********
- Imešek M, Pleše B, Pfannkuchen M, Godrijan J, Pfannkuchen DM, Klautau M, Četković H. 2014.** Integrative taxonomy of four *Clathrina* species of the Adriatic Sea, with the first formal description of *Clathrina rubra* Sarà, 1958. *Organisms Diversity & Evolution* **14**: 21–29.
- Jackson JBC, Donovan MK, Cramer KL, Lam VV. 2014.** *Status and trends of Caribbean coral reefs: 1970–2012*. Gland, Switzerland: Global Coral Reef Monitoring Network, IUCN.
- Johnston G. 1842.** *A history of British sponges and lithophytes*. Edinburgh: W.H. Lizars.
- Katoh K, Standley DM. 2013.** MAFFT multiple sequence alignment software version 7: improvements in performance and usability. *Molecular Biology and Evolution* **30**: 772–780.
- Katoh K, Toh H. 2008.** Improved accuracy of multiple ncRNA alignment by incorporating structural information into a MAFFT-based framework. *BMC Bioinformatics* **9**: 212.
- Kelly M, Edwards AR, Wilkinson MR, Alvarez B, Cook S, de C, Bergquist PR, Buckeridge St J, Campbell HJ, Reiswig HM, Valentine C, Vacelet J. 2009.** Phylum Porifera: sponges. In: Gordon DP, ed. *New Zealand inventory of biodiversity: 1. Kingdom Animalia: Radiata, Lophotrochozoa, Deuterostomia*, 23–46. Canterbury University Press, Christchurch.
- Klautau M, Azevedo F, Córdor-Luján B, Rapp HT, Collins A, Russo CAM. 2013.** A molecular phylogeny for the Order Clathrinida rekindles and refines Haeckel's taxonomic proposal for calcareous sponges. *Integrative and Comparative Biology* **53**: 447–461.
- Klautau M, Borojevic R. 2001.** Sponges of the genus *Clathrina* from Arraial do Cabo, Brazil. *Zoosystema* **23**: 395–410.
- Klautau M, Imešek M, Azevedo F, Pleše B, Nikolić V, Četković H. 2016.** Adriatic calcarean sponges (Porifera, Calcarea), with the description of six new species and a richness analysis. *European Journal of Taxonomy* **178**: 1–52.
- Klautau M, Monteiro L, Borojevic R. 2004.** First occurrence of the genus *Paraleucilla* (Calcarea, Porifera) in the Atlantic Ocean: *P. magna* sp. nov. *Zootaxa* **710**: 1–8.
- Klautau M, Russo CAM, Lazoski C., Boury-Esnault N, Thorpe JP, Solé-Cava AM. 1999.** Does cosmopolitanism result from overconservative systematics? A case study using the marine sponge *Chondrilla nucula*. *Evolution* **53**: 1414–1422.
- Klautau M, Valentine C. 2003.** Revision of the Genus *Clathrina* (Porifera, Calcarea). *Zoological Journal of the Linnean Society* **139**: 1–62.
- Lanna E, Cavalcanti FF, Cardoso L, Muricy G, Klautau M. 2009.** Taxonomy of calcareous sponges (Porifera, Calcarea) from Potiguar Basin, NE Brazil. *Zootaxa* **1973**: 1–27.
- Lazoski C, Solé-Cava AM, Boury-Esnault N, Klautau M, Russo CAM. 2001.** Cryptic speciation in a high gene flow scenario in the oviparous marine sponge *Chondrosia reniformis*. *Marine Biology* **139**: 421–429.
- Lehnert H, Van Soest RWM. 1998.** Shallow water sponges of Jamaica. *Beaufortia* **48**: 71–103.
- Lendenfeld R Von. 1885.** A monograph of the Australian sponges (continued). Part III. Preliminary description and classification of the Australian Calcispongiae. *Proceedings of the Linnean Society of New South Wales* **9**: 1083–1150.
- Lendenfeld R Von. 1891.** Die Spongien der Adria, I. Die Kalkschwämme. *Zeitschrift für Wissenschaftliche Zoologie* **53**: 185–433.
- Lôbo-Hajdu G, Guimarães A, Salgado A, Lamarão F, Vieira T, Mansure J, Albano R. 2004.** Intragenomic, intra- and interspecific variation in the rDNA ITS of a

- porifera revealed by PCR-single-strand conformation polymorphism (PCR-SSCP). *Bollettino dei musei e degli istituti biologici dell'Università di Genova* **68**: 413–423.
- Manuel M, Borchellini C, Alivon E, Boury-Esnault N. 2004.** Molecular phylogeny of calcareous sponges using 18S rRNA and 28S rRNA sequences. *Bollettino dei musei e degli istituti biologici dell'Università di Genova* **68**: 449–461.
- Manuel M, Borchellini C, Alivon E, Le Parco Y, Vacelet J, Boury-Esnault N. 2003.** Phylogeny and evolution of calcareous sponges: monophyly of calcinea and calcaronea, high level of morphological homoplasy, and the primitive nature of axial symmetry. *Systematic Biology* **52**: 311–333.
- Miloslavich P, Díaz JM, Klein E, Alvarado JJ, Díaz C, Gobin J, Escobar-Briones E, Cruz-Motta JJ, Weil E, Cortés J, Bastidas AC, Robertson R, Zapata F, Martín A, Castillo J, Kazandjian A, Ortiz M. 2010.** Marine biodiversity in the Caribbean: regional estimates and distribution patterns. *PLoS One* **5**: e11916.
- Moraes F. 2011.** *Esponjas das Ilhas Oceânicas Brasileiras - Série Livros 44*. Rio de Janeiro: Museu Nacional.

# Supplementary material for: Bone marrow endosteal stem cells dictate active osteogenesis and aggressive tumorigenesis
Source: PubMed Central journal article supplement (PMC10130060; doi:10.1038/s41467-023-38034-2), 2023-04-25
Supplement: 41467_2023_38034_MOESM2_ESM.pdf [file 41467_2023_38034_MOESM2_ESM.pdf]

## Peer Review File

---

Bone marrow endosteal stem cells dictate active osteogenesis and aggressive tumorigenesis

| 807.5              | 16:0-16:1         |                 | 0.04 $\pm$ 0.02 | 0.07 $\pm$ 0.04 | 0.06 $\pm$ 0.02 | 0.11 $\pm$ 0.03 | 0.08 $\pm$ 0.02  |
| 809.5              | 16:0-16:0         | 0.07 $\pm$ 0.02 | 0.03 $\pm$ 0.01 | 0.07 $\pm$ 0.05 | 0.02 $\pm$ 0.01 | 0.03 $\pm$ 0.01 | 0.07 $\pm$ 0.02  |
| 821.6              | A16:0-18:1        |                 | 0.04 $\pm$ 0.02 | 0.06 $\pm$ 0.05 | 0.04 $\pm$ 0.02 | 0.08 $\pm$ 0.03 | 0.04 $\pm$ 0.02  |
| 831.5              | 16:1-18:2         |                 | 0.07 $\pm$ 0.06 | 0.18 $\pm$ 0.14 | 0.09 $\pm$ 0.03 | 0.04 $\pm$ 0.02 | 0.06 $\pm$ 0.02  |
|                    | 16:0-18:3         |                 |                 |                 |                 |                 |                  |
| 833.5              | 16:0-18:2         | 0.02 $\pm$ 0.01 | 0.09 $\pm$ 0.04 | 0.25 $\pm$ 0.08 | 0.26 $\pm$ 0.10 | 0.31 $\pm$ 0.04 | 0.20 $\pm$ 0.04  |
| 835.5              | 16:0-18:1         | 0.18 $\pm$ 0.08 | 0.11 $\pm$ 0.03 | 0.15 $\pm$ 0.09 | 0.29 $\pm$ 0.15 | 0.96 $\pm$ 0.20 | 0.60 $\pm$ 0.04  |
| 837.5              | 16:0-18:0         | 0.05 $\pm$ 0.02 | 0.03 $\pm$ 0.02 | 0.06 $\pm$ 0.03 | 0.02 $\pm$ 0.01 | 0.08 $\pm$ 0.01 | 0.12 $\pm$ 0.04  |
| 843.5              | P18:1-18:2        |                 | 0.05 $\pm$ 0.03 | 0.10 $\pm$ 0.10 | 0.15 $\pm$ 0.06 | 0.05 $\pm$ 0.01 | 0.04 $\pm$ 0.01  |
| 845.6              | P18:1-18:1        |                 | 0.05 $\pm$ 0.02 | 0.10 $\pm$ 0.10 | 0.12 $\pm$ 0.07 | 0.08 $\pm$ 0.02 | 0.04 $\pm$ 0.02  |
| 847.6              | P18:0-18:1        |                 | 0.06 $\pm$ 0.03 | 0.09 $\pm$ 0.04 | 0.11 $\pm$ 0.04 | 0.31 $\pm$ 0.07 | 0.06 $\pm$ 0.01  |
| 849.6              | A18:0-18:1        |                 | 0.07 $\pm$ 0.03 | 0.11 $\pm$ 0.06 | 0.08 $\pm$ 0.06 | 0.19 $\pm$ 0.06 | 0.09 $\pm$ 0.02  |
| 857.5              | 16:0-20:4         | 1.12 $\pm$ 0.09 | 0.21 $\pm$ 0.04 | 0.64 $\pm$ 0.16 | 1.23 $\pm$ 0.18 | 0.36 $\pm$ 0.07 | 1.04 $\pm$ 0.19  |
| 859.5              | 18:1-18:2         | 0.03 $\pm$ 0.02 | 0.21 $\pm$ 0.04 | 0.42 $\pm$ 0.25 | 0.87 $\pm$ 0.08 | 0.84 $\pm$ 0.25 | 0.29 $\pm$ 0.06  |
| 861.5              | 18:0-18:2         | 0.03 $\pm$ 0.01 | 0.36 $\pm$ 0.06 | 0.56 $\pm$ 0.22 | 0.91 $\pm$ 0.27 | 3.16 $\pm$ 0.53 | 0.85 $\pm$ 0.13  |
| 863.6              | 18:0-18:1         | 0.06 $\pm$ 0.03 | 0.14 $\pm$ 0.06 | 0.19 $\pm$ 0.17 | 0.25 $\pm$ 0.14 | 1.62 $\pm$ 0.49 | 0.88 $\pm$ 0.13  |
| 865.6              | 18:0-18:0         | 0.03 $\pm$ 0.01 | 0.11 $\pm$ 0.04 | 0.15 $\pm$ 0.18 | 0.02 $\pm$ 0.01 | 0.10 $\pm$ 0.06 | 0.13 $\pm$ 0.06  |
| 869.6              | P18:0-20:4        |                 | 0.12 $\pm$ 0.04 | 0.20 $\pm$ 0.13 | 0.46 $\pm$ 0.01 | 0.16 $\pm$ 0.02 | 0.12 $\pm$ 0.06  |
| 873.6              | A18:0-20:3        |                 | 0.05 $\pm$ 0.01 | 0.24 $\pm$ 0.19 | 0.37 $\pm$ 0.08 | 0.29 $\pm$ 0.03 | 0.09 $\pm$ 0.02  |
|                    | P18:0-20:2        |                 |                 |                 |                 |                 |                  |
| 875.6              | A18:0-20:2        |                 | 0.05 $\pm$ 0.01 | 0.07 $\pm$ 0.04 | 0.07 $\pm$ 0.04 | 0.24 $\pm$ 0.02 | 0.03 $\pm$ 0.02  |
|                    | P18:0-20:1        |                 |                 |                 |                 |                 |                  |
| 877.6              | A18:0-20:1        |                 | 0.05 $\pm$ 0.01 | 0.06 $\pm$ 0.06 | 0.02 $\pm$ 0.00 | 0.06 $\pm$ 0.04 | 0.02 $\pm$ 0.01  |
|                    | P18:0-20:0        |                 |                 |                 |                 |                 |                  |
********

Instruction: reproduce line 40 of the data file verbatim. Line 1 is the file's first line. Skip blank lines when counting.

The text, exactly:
| 847.6              | P18:0-18:1        |                 | 0.06 $\pm$ 0.03 | 0.09 $\pm$ 0.04 | 0.11 $\pm$ 0.04 | 0.31 $\pm$ 0.07 | 0.06 $\pm$ 0.01  |